March for Science!

This Saturday is the March for Science, with the main March in DC and 500 affiliated marches in every state of the union and worldwide. There will even be a March in the heart of coal country and you can find your local March here.) But just in case, here’s some more you need to know:

The March for Science is dedicated to improve our understanding of how science affects our lives and why scientists need a larger voice in public policy. No politicians will be speaking in DC and at most of the other marches: instead, there will be teach-ins to show us how science needs to be better understood and how it can play a bigger role in our policy debate.

In that spirit, we at Crooked Donald thought we could help by offering some facts of our own.

First, there is a myth that the largest share of our government’s funding for research and development goes to the military. This misunderstanding occurs because of a quirk in government accounting procedures, allowing only the military to use the term “R&D” in budget reports, but in fact, health and medical research takes the lion’s share of federal government R&D and that would still be true even if Trump’s proposed massive budget cuts to health research were passed.

Second, more public support for science means more jobs—we can cite many examples, but we like the one offered by Dennis Hayes, the man who lead America’s first public-private partnership for solar energy research during the Jimmy Carter administration. In Hayes’ short term, record advancements were achieved and America dominated the world in solar power. Then the Reagan administration gutted solar research programs and ended funding supporting researchers at 1,000 state universities. And the United States still hasn’t caught up, now importing most of it’s solar energy infrastructure (mostly from China) even though 260,000 Americans are now employed in solar energy or almost ten times the number of Americans now employed by coal companies.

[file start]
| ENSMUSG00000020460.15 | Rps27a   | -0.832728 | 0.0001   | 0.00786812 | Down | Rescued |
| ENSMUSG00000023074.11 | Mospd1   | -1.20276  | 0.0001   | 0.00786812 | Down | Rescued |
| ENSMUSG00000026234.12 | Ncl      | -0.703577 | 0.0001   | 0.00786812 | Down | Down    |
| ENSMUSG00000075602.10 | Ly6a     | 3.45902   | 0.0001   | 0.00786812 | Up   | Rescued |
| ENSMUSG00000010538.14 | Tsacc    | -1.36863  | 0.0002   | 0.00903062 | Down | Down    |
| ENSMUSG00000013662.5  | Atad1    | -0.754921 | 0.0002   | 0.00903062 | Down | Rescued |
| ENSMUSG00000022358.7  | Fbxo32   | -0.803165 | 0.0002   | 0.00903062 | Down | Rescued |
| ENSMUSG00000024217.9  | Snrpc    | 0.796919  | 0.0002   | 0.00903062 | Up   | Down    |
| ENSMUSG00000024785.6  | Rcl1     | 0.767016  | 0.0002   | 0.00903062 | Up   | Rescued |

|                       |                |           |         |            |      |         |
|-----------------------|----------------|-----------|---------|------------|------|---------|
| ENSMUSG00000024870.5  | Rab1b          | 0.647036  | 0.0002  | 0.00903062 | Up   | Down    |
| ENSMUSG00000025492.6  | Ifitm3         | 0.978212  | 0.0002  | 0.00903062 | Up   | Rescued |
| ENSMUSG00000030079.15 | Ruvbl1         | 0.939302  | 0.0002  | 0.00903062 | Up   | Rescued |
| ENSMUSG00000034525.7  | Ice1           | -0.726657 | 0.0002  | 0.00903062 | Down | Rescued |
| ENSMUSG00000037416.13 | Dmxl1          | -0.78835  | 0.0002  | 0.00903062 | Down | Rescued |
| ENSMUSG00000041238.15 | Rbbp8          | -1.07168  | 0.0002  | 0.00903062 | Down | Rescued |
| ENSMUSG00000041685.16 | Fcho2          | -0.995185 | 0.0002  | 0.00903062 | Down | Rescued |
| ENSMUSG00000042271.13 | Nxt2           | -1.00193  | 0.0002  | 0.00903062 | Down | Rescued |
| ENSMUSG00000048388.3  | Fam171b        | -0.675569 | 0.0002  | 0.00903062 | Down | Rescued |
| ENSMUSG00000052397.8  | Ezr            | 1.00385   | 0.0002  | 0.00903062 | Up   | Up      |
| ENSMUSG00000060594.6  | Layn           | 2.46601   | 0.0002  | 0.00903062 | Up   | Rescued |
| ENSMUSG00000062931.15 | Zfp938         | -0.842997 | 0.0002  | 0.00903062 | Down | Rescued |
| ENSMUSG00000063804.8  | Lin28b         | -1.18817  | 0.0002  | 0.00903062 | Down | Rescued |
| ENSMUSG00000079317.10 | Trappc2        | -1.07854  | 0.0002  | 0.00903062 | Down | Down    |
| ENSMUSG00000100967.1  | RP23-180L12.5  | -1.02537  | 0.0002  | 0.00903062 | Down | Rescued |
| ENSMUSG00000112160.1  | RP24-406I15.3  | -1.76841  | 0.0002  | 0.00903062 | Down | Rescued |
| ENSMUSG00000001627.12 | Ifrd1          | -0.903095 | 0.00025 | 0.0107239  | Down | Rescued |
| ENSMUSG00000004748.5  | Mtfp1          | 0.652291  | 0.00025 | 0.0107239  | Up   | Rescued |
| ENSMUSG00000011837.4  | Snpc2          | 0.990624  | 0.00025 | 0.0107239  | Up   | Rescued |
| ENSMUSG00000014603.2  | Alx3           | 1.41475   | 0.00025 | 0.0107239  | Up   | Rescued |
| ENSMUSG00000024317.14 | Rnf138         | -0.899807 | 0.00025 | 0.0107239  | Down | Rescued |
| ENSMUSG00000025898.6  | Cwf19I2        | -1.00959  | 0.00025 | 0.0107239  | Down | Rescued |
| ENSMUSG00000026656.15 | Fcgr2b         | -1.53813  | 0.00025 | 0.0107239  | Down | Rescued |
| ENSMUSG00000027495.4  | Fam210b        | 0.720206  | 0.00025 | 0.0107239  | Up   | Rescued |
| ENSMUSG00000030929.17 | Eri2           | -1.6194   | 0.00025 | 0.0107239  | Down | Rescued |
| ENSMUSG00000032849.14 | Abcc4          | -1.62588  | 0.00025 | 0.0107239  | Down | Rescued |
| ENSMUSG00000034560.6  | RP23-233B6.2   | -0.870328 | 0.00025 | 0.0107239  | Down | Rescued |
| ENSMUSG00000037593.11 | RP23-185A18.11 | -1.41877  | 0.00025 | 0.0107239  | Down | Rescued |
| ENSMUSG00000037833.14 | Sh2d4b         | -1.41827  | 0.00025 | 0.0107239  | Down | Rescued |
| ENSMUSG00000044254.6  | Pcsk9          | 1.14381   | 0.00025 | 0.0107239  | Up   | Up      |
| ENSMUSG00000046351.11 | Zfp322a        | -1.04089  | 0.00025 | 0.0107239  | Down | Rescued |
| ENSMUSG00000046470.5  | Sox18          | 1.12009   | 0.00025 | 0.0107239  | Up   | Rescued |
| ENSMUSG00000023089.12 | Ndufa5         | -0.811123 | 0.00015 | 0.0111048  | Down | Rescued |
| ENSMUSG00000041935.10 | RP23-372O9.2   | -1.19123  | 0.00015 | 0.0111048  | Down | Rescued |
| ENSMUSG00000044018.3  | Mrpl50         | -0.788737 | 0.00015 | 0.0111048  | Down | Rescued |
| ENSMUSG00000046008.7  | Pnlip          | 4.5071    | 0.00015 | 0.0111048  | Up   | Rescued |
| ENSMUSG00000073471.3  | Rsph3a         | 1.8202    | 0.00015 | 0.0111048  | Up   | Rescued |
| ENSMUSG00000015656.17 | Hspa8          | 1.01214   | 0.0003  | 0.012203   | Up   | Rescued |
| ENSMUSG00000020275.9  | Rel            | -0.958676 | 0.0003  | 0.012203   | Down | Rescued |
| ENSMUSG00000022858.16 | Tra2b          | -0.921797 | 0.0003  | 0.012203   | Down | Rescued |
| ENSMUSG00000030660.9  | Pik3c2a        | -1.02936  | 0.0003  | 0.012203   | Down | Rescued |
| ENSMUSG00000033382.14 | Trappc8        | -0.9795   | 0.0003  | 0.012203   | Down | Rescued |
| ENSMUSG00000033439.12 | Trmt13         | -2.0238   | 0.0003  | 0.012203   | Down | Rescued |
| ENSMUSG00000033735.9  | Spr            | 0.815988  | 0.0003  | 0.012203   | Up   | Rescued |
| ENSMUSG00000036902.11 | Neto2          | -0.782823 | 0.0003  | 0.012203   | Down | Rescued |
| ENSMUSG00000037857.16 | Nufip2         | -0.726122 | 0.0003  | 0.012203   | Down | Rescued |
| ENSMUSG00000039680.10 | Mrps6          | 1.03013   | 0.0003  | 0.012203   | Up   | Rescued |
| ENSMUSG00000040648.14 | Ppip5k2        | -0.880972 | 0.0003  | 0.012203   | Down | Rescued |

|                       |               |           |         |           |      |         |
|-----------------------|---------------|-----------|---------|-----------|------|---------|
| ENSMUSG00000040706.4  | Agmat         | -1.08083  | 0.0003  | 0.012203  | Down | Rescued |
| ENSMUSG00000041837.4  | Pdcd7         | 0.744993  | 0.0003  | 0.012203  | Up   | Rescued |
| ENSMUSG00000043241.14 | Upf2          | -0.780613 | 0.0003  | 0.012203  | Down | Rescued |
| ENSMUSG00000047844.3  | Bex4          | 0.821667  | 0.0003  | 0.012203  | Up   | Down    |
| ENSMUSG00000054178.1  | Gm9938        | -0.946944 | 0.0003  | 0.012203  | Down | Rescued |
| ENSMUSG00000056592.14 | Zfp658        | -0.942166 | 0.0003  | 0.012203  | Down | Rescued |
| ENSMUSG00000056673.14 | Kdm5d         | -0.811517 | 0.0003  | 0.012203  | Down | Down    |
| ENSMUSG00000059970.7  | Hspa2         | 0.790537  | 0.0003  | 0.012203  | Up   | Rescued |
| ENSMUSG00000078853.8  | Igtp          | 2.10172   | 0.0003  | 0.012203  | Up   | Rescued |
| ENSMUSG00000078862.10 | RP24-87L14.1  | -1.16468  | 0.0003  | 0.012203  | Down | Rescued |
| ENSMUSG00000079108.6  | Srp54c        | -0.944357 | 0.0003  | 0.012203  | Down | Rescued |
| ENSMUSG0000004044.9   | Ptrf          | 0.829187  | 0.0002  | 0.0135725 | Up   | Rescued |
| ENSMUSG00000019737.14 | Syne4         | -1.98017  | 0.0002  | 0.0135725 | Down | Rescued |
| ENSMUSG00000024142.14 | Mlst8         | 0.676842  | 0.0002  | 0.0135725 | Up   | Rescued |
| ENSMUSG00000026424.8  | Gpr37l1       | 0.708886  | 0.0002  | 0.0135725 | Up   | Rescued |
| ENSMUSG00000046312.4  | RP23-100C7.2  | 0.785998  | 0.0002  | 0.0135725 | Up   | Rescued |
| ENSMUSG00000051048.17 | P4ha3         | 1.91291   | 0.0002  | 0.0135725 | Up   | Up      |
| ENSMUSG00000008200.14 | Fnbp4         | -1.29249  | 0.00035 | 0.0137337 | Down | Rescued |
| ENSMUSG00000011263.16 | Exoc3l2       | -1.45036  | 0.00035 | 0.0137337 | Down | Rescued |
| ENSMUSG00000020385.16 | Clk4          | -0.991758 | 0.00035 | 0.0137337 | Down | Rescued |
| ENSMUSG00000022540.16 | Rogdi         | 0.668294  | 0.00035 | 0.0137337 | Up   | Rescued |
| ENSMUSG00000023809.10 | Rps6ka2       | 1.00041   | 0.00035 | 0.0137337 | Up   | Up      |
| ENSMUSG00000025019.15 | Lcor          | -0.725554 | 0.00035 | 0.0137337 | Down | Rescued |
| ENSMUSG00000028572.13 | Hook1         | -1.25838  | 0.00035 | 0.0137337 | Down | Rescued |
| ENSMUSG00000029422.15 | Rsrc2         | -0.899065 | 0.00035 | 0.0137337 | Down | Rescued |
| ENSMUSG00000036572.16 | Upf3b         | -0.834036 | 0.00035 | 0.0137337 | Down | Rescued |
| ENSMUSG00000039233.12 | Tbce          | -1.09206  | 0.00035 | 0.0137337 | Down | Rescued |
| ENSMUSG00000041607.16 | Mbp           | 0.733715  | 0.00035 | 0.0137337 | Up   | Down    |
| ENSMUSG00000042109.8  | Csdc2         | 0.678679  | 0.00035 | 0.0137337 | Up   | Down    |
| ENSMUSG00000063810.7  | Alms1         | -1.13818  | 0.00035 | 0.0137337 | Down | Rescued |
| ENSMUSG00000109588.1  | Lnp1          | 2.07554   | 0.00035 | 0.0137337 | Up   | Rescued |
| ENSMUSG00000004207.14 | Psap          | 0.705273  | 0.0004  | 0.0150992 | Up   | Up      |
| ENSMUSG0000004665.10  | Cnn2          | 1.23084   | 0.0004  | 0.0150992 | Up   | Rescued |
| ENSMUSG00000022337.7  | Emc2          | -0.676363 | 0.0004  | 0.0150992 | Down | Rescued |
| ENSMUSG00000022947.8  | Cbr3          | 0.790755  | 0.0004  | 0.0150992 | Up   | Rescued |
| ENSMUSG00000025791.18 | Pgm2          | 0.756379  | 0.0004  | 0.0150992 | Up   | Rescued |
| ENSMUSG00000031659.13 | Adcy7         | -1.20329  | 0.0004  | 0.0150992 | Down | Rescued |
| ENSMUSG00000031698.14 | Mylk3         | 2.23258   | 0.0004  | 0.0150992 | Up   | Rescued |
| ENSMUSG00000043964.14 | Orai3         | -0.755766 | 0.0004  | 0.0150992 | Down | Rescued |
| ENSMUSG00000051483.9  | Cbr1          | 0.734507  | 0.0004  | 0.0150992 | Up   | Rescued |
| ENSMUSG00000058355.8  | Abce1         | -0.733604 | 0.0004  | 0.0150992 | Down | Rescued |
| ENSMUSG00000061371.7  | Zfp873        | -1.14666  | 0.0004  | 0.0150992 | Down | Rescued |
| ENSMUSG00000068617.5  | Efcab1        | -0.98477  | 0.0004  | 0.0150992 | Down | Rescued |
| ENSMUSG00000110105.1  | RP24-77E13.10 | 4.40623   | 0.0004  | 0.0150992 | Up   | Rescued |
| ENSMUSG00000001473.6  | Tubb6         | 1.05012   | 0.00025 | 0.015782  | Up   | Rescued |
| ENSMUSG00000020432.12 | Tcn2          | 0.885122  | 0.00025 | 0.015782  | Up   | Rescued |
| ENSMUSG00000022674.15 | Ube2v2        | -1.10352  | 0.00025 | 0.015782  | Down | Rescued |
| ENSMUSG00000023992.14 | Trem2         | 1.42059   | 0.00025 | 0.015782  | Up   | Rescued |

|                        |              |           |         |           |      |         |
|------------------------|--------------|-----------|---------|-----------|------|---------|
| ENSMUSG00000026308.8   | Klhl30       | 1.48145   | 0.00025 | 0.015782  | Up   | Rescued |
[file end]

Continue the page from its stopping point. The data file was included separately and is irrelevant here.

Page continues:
Third, better science can improve how government works—take law enforcement, for example. Despite what you see on television crime shows, law enforcement employs very few people who know science or forensic technologies. The situation is so bad, both the Innocence Project and the National Academy of Sciences have documented how we need immediate improvement in our police forces or false convictions will increase. Sadly, the Trump administration is closing down the one program that will improve law enforcement science.

Finally, science is the ultimate bipartisan, unbiased source we need to balance the special interests, whether it is big tobacco, big oil or the chemical companies seeking regulatory changes to put our health at risk, we need science to have a larger role in in our national debate.

And that’s why scientists are marching on Saturday.

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